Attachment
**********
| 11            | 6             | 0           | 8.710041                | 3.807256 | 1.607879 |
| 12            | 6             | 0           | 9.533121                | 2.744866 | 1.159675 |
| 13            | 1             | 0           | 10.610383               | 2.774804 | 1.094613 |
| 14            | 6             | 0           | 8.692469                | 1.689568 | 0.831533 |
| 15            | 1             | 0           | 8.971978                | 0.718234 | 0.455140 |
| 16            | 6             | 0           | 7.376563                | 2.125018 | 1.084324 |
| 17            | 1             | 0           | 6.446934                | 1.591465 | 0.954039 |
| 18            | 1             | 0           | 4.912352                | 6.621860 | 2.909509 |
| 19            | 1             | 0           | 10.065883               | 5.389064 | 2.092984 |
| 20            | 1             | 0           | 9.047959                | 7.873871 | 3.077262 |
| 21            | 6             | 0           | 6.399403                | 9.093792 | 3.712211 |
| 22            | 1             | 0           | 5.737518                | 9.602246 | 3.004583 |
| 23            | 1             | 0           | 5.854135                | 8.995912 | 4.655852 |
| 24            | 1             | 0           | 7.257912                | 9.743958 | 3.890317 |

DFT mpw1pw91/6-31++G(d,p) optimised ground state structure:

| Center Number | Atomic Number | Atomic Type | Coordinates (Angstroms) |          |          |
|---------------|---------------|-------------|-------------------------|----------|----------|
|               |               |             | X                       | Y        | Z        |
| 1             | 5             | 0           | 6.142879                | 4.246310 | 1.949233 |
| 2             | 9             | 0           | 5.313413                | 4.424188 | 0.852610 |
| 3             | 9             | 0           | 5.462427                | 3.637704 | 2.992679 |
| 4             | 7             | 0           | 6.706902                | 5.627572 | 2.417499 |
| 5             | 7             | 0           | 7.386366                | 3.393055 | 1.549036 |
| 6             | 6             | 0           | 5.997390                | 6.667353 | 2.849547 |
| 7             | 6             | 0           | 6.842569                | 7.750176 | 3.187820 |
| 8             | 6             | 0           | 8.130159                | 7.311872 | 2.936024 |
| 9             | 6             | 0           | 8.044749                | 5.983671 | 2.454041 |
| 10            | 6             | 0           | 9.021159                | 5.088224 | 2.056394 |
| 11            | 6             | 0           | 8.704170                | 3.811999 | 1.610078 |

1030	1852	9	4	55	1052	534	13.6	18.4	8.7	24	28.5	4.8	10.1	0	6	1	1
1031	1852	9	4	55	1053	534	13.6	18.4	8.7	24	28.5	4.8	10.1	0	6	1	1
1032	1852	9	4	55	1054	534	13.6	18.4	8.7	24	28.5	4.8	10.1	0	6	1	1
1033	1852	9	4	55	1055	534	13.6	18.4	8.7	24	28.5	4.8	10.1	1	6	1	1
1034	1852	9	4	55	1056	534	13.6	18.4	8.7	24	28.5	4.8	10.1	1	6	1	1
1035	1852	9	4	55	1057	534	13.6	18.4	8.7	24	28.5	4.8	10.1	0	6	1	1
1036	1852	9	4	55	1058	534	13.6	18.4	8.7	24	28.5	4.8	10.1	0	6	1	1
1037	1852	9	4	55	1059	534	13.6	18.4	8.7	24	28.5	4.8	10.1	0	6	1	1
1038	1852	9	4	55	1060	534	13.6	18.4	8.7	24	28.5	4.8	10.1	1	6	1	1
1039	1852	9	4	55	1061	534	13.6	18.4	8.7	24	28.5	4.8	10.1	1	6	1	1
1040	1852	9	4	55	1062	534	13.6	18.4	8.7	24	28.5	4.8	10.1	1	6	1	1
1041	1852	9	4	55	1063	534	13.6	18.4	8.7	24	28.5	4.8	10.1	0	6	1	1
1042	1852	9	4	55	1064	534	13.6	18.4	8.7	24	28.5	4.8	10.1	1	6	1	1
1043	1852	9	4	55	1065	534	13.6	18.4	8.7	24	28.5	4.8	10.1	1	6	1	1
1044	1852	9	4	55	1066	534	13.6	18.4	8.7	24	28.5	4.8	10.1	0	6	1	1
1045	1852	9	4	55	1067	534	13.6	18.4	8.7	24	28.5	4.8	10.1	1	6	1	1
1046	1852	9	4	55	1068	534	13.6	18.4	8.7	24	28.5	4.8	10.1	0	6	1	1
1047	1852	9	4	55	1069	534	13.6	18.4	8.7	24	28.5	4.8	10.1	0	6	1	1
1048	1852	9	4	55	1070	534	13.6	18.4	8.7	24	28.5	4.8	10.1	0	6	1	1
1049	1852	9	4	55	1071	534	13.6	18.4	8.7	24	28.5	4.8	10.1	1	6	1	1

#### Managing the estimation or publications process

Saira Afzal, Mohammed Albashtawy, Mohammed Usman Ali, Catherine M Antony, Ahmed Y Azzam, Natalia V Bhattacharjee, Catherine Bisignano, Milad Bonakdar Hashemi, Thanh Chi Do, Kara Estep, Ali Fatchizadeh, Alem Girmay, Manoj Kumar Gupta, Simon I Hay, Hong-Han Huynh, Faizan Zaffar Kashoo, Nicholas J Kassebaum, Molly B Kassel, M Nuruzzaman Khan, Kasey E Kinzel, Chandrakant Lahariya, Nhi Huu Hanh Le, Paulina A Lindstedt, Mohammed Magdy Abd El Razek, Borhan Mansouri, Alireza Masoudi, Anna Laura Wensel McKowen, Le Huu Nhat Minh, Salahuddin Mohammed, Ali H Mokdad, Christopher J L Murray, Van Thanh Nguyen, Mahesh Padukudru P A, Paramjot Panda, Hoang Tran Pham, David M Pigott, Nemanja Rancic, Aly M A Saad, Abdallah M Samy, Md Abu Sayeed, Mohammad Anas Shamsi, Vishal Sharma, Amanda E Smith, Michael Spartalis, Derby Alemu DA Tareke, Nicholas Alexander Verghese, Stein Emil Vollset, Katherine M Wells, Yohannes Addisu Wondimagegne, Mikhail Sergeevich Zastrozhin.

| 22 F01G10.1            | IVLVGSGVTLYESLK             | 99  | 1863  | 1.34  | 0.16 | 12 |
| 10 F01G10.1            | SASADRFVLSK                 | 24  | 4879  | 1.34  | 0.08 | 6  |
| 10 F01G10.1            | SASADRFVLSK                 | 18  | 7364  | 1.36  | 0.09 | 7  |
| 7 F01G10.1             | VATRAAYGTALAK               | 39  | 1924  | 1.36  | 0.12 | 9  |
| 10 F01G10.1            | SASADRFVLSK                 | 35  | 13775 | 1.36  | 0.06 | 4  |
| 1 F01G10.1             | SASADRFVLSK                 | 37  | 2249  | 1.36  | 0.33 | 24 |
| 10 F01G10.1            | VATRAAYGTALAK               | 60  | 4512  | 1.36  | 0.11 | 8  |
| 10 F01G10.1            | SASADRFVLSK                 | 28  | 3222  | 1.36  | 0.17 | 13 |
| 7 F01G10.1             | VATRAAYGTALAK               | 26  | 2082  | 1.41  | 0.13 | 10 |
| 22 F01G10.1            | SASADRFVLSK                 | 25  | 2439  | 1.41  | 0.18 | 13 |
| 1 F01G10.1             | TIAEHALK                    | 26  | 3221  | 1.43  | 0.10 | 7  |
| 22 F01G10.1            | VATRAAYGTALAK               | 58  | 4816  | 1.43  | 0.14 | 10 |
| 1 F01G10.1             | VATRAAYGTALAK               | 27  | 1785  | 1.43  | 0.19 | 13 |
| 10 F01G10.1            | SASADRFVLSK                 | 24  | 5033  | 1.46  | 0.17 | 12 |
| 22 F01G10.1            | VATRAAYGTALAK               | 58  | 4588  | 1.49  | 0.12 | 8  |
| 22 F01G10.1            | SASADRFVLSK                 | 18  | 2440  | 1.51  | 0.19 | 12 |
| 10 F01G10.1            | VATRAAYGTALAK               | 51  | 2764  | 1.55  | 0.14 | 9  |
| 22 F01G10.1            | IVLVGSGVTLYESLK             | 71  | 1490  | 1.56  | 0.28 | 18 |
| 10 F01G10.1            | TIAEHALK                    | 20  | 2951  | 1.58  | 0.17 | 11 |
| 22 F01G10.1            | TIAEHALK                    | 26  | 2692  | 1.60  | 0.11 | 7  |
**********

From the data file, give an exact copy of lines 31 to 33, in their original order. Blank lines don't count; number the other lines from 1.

1031	1852	9	4	55	1053	534	13.6	18.4	8.7	24	28.5	4.8	10.1	0	6	1	1
1032	1852	9	4	55	1054	534	13.6	18.4	8.7	24	28.5	4.8	10.1	0	6	1	1
1033	1852	9	4	55	1055	534	13.6	18.4	8.7	24	28.5	4.8	10.1	1	6	1	1